Purpose: Percutaneous tibial nerve stimulation has been shown to be an effective treatment in patients with urinary disorders, but its benefit in fecal incontinence is uncertain. This study aimed to assess the efficacy of percutaneous tibial nerve stimulation in the treatment of urge fecal incontinence.
Methods: This prospective study, conducted over a 14-month period, assessed 31 patients with urge fecal incontinence treated with percutaneous tibial nerve stimulation. The outcomes measured were: 1) reduction in fecal incontinence episodes, 2) improvement in Cleveland Clinic incontinence scores, and 3) improvement in ability to defer defecation. All analysis was performed on an intention-to-treat basis.
Results: The median follow-up was 9 months (range, 3-14). Twenty-one (68%) patients improved following percutaneous tibial nerve stimulation and remain satisfied with the clinical response. Median fecal incontinence episodes per week declined from 4 (range, 0-30) to 0 (range, 0-27) (P < .0001). Median Cleveland Clinic incontinence scores declined from 13 (range, 5-20) to 7 (range, 0-20) (P < .0001). Ability to defer defecation was improved significantly (P < .0001). No morbidity was encountered for any patient.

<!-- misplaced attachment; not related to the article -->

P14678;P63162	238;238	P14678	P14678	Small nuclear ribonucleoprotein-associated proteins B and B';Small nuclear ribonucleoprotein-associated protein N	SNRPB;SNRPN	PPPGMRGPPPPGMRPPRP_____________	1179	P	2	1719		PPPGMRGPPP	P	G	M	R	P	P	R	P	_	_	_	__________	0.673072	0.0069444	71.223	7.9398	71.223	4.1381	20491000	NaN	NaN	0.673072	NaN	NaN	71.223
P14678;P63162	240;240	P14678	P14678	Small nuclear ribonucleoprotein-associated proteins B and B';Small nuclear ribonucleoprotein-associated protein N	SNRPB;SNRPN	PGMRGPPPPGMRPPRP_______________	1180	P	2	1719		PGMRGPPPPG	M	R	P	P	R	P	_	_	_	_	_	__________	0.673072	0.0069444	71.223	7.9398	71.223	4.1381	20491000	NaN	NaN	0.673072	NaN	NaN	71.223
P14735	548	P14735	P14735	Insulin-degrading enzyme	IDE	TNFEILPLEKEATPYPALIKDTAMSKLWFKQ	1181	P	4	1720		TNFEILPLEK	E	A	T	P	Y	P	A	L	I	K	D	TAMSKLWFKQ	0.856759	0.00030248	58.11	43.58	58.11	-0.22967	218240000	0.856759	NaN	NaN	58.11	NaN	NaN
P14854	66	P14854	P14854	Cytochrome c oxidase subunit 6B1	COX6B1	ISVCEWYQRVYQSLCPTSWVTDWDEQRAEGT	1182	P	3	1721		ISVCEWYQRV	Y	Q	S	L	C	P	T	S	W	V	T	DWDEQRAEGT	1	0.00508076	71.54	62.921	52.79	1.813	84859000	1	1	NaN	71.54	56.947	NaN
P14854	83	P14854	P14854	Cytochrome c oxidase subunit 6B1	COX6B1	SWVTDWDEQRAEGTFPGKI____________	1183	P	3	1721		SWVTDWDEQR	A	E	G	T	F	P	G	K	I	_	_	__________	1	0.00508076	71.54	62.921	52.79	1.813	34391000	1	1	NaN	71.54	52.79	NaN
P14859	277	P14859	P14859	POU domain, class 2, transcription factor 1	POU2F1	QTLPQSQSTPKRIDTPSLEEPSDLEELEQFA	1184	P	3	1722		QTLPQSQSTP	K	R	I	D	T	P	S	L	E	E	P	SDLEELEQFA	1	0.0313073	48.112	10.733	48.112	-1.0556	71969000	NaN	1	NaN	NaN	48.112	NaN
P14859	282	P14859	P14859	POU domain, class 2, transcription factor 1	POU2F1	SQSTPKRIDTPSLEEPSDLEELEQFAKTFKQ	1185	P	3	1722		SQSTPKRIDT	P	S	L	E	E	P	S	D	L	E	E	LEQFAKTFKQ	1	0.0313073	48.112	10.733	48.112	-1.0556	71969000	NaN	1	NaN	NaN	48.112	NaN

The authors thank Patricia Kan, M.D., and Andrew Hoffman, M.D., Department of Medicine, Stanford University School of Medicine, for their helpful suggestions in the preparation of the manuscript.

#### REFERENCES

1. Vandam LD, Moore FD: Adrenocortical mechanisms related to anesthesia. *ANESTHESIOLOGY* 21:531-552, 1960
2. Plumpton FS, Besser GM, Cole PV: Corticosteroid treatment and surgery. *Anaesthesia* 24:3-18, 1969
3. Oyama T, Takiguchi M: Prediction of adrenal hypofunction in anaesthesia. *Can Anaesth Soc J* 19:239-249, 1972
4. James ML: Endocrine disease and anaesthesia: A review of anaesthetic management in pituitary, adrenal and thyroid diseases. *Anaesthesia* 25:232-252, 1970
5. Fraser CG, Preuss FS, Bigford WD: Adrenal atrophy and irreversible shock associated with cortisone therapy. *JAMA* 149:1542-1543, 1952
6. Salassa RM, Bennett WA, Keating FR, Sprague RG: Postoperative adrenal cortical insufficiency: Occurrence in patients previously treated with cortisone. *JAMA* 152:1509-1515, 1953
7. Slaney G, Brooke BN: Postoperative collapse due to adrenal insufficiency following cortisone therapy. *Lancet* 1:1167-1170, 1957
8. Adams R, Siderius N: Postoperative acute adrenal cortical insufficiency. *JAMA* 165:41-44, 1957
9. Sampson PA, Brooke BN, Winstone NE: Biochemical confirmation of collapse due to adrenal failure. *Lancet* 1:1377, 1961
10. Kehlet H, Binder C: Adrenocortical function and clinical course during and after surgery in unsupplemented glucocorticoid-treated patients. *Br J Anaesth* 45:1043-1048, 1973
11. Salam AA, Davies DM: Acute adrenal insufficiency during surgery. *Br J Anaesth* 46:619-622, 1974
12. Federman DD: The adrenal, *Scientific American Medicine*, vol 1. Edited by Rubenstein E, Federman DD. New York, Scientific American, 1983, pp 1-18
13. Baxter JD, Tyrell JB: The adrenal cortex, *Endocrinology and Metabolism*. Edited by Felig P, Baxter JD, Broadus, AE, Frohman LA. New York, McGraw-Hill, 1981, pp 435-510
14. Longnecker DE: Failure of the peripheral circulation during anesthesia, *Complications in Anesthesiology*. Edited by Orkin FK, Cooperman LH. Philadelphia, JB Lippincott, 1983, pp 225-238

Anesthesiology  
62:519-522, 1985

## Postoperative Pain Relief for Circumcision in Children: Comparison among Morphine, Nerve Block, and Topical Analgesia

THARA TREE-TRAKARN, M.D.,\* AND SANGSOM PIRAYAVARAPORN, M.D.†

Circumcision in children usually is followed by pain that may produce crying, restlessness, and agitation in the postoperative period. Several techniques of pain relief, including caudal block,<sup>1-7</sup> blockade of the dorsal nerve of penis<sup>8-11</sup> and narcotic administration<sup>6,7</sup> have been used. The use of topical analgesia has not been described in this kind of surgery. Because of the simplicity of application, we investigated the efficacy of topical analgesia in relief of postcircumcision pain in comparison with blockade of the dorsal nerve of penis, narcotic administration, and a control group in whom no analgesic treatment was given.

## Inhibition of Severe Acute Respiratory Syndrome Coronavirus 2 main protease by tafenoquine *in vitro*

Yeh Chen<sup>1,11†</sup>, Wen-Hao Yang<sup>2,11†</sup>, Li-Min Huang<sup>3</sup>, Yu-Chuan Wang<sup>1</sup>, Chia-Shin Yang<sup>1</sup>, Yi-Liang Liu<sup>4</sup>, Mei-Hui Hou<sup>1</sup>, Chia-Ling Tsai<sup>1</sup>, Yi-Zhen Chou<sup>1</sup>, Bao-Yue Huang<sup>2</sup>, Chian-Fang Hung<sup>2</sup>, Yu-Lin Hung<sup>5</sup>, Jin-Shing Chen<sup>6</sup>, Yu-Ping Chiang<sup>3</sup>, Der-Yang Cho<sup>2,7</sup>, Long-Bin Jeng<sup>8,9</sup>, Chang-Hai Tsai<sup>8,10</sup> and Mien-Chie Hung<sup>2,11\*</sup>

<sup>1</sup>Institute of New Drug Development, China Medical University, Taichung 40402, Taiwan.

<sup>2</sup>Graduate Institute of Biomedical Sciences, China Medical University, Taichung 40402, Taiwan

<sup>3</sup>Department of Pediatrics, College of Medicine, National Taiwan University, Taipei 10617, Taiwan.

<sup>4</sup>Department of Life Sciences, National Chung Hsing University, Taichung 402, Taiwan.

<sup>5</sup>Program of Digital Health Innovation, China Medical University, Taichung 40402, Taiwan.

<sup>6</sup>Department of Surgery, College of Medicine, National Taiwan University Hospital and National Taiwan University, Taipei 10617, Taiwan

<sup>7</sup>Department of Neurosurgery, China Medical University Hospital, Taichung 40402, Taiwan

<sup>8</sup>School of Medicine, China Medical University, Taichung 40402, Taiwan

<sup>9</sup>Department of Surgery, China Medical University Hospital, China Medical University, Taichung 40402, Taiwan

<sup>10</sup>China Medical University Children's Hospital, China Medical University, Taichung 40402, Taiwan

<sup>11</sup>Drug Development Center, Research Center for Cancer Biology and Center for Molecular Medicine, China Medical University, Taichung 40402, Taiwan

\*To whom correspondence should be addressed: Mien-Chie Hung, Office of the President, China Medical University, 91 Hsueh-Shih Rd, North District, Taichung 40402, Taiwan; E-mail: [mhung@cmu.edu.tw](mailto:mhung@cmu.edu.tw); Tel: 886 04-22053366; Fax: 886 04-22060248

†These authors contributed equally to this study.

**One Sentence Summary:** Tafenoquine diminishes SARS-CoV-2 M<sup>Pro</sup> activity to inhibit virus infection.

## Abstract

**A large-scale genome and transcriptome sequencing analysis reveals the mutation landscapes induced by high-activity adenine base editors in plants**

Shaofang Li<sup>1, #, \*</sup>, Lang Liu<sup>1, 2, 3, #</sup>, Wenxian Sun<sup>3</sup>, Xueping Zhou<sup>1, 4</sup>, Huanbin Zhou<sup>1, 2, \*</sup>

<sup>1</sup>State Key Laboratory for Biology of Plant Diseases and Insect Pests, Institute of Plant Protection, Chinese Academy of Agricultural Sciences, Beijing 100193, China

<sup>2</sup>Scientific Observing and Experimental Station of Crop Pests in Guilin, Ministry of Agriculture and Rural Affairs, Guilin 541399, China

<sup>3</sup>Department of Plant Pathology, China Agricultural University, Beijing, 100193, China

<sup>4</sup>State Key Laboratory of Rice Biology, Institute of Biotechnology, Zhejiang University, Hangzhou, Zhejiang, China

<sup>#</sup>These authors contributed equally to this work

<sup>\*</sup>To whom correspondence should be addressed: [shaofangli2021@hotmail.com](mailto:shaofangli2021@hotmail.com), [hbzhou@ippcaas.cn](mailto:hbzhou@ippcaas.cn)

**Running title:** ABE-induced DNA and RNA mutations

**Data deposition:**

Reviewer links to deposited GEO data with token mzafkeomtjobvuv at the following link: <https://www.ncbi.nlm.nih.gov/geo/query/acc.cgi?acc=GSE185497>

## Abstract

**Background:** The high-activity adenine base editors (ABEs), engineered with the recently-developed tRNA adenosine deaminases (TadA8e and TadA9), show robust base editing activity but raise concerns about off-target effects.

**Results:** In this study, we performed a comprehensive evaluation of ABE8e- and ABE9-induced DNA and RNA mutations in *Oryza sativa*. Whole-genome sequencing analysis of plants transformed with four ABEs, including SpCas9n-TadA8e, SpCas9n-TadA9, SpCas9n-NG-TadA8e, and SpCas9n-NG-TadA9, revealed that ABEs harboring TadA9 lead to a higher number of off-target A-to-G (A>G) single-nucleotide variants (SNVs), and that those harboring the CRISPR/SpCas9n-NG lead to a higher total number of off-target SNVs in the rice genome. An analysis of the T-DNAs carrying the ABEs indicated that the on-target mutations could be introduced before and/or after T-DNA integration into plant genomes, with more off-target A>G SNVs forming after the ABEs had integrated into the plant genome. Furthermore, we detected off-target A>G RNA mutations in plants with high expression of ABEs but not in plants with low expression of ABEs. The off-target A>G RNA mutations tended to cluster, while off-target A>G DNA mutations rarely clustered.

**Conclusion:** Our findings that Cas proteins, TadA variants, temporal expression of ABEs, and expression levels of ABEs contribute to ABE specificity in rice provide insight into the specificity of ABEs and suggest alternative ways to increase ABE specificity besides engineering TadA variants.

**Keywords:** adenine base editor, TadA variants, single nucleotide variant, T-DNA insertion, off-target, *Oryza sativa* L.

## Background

Conclusion: This preliminary study demonstrates that percutaneous tibial nerve stimulation is an effective and very well tolerated treatment for patients with urge fecal incontinence with particular improvement in reducing fecal urgency.